# Sentiment Classification in NLP | Part-2 | Logistic Regression

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If you are landing here directly, it may be good to read through this blog first.

Question → What are we going to do here next ?

Answer → So far, you have learned to extract features in my previous blog of this series, and now you will use those extracted features to predict whether a tweet has a positive sentiment or a negative sentiment.

Question → What is Logistic Regression ?

Answer → Logistic regression makes use of a sigmoid function, which outputs a probability between zero and one.

• In supervised machine learning, you have input features and a sets of labels.
• To make predictions based on your data, you use a function with some parameters to map your features to output labels.
• To get an optimum mapping from your features to labels, you minimize the cost function which works by comparing how closely your output “Y-hat” is to the true labels “Y” from your data.
• After this, the parameters are updated and you repeat the process until your cost is minimized.

Question → What is Sigmoid Function ?

Answer → For logistic regression, this function F is equal to the sigmoid function and it depends on below 2 parameters :-

• Theta.
• The features vector X superscripts i, where i is used to denote the ith observation or data points. In the context of tweets, that’s the ith tweets.

Note the 2 important properties of sigmoid function :-

• The Sigmoid approaches zero, as the dot product of Theta transpose and X, over here, approaches minus infinity.
• The Sigmoid approaches one, as the dot product of Theta transpose and X, over here, approaches plus infinity.

Question → How do we do Classification with the help of Sigmoid Function?

Answer → For classification, a threshold is needed. Usually, it is set to be 0.5 and this value corresponds to a dot product between Theta transpose and X equal to zero.

• So whenever the dot product is greater or equal than zero, the prediction is positive.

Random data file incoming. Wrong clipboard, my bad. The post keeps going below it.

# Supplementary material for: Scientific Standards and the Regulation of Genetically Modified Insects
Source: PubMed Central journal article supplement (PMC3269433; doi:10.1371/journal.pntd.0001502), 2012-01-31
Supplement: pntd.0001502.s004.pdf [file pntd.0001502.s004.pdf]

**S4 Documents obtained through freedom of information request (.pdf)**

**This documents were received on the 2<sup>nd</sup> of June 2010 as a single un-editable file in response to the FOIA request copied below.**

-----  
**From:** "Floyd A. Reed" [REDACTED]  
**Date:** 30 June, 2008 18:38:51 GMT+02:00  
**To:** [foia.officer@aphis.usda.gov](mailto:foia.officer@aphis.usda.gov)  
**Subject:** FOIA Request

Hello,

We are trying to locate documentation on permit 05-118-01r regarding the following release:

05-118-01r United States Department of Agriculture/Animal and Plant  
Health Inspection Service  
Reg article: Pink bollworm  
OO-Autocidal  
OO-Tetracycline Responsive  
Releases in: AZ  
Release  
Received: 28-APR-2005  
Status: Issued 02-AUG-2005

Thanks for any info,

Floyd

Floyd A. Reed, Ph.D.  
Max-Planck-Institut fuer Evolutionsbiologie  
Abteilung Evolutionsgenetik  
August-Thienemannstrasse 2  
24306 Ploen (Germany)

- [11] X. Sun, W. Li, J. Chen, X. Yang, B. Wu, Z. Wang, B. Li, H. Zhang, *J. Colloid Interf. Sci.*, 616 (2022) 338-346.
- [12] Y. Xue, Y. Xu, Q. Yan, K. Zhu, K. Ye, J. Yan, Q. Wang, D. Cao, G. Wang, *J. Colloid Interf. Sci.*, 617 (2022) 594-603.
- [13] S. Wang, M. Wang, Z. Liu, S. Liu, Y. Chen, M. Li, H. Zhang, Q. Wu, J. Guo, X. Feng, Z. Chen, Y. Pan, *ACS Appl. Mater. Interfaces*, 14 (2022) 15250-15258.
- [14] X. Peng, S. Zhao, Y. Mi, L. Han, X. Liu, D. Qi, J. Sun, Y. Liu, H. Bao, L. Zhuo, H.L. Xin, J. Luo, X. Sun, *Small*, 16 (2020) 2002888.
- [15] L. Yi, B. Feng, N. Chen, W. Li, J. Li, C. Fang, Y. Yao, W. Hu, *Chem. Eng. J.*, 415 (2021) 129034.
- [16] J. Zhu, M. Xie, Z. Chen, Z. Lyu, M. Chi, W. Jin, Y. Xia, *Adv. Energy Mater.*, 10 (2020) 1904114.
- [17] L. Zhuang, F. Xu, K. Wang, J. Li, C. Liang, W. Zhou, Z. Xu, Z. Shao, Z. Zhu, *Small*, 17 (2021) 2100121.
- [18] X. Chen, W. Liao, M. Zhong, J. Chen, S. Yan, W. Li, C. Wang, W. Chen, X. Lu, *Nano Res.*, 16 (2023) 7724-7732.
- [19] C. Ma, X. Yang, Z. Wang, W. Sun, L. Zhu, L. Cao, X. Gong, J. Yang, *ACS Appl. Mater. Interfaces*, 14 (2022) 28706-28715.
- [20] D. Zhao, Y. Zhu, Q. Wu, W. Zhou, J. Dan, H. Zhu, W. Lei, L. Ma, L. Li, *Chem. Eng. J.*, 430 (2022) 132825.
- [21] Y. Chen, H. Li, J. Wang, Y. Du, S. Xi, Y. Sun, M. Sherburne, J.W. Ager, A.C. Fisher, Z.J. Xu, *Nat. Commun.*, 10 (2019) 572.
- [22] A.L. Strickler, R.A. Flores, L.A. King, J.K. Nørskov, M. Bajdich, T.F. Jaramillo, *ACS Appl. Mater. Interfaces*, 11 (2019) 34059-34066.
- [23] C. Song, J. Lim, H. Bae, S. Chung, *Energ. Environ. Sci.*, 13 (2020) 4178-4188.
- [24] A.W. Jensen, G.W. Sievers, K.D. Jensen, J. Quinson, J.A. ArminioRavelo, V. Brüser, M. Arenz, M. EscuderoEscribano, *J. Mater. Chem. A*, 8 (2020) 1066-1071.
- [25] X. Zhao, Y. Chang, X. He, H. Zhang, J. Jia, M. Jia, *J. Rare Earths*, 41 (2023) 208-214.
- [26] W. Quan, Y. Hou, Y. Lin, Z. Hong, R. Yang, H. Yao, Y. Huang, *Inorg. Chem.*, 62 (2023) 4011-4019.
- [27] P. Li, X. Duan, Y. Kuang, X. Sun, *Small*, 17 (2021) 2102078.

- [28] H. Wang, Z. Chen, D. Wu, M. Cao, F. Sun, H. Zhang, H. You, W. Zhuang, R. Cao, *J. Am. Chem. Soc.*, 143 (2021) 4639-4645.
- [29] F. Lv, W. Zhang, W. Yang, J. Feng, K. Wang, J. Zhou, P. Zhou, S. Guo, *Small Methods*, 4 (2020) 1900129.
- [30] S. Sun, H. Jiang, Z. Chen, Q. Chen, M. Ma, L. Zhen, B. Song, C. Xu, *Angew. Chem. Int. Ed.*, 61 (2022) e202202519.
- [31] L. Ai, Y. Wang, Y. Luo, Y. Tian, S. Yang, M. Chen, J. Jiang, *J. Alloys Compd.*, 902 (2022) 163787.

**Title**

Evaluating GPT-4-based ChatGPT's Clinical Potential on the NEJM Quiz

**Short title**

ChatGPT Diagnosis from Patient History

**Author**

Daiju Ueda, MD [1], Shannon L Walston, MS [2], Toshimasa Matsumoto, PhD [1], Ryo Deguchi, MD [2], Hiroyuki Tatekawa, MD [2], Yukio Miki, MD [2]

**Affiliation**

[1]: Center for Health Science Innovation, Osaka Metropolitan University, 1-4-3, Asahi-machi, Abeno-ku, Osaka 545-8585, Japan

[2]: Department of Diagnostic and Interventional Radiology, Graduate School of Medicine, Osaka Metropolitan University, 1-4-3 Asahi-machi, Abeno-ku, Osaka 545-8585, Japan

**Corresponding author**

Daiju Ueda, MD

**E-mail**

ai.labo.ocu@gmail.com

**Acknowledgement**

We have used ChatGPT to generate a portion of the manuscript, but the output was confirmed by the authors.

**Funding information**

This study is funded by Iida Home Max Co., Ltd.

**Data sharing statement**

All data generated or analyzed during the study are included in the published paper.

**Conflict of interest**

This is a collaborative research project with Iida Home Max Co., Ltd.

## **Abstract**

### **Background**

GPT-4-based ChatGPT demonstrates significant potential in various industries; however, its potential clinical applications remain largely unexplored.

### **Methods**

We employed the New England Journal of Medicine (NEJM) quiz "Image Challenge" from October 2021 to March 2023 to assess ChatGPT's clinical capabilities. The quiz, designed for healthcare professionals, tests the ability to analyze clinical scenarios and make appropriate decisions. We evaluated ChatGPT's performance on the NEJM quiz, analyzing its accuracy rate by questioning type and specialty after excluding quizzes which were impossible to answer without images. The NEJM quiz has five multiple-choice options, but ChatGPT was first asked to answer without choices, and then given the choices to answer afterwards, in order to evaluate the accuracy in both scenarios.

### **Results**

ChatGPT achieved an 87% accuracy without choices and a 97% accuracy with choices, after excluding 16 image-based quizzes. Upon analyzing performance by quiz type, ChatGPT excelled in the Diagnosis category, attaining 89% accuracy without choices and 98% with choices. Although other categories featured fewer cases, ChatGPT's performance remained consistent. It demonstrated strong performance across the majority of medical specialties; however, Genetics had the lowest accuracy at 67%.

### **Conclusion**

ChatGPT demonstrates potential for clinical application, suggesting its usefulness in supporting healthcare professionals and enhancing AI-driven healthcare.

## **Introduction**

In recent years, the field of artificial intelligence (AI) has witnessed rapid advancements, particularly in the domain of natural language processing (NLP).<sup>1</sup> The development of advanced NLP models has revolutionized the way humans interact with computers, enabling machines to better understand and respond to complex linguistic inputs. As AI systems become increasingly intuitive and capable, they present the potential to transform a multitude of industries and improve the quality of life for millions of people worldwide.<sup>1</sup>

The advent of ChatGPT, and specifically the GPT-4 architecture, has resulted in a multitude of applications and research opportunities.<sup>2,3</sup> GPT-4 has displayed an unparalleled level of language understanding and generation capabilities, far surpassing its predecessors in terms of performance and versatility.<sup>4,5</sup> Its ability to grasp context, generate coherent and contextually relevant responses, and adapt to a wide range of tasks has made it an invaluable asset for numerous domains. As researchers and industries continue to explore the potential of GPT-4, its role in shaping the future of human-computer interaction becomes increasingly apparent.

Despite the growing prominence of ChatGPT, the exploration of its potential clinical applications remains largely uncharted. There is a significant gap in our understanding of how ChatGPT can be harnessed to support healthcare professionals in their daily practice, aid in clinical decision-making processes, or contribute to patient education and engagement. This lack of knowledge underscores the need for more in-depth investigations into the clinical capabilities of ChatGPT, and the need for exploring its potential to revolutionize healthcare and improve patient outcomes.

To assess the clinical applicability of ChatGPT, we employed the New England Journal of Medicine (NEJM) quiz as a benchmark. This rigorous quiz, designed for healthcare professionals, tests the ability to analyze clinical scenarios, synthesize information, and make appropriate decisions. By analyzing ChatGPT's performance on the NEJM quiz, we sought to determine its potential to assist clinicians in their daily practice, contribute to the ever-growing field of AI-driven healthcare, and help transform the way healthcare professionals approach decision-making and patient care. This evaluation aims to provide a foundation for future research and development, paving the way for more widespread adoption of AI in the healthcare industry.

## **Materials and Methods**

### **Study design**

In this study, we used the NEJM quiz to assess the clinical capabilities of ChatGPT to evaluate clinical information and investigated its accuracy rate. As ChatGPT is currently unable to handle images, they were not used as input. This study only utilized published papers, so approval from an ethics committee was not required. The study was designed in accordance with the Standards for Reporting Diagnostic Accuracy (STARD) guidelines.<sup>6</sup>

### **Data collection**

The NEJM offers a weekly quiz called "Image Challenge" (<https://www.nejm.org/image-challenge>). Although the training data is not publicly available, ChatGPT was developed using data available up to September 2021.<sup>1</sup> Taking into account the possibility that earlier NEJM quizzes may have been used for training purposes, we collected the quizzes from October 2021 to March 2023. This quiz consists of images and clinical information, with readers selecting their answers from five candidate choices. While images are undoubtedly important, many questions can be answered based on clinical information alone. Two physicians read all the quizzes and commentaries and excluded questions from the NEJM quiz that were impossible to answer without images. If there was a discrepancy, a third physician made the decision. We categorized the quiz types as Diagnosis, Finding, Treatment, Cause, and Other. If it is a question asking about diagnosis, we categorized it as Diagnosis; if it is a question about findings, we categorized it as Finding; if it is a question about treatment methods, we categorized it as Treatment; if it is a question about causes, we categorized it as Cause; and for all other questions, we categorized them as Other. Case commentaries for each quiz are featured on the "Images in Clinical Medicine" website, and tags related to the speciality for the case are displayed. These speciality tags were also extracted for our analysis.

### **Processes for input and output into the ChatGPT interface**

• And whenever the dot product is less than zero, the prediction is negative.

Question → Showcase the example of Classification in context of our Tweets Sentiment Analysis, with the help of Sigmoid Function?

Answer → Look at the following tweet :: “@YMourri and @ AndrewNG are tuning a GREAT AI model at https://deeplearning.ai”.

Step #1.) After a preprocessing, you should end up with a list like this : “tun, ai, great, model”

• Note that handles are deleted.
• Everything is in lowercase.
• The word tuning is reduced to its stem, tun.

Step #2.) Then you would be able to extract features given a frequencies dictionary and arrive at a vector similar to the following. Pl refer to Part-1 of this blog series to know more about this.

• With a bias units over here.
• And two features that are the sum of positive and negative frequencies of all the words in your processed tweets.

Step #3.) Now assuming that you already have an optimum sets of parameters Theta, you would be able to get the value of the sigmoid function, in this case, equal to 4.92 and finally, predict this tweet as a positive sentiment.

Question → How to get the theta variable from scratch ?

Answer → To train your logistic regression classifier, we would have to iterate until you find the set of parameters theta, that minimizes your cost function.

• Let us suppose that your loss only depends on the parameters theta1 and theta2, you would have a cost function that looks like this contour plots in the left hand part of the picture below.
• On the right, you can see the evolution of the cost function as you iterate. As our number of iterations increases, the cost comes down. After a certain point i.e. after certain number of iterations, the cost can not be reduced any further.

Question → What’s the algorithm to find out the values of Theta variables ?

Answer → The algorithm to derive the values of these Theta Variables is known as Gradient-Descent :-

• First, you would have to initialise your parameters vector theta. Then you will update your theta in the direction of the gradient of your cost function.
• Then you’d use the logistic function to get values for each of your observations. After that, you’d be able to calculate the gradients of your cost function and update your parameters.
• Finally, you’d be able to compute your cost J(Theta) and determine if more iterations are needed according to a stop-parameter or maximum number of iterations.

Question → How do you take a judgement, whether your classifier is a good classifier or a bad classifier :-

Answer → Now that you have the optimised values of theta, you will use this theta to predict our new data points.

Step #1.) For example, given a new tweet, you will use this theta to say whether this tweet is positive or negative. In order to do the same, you will need X_val and Y_val of the data that was set-aside during trainings, also known as the validation sets as well as Theta, the sets of optimum parameters that you got from training on your data.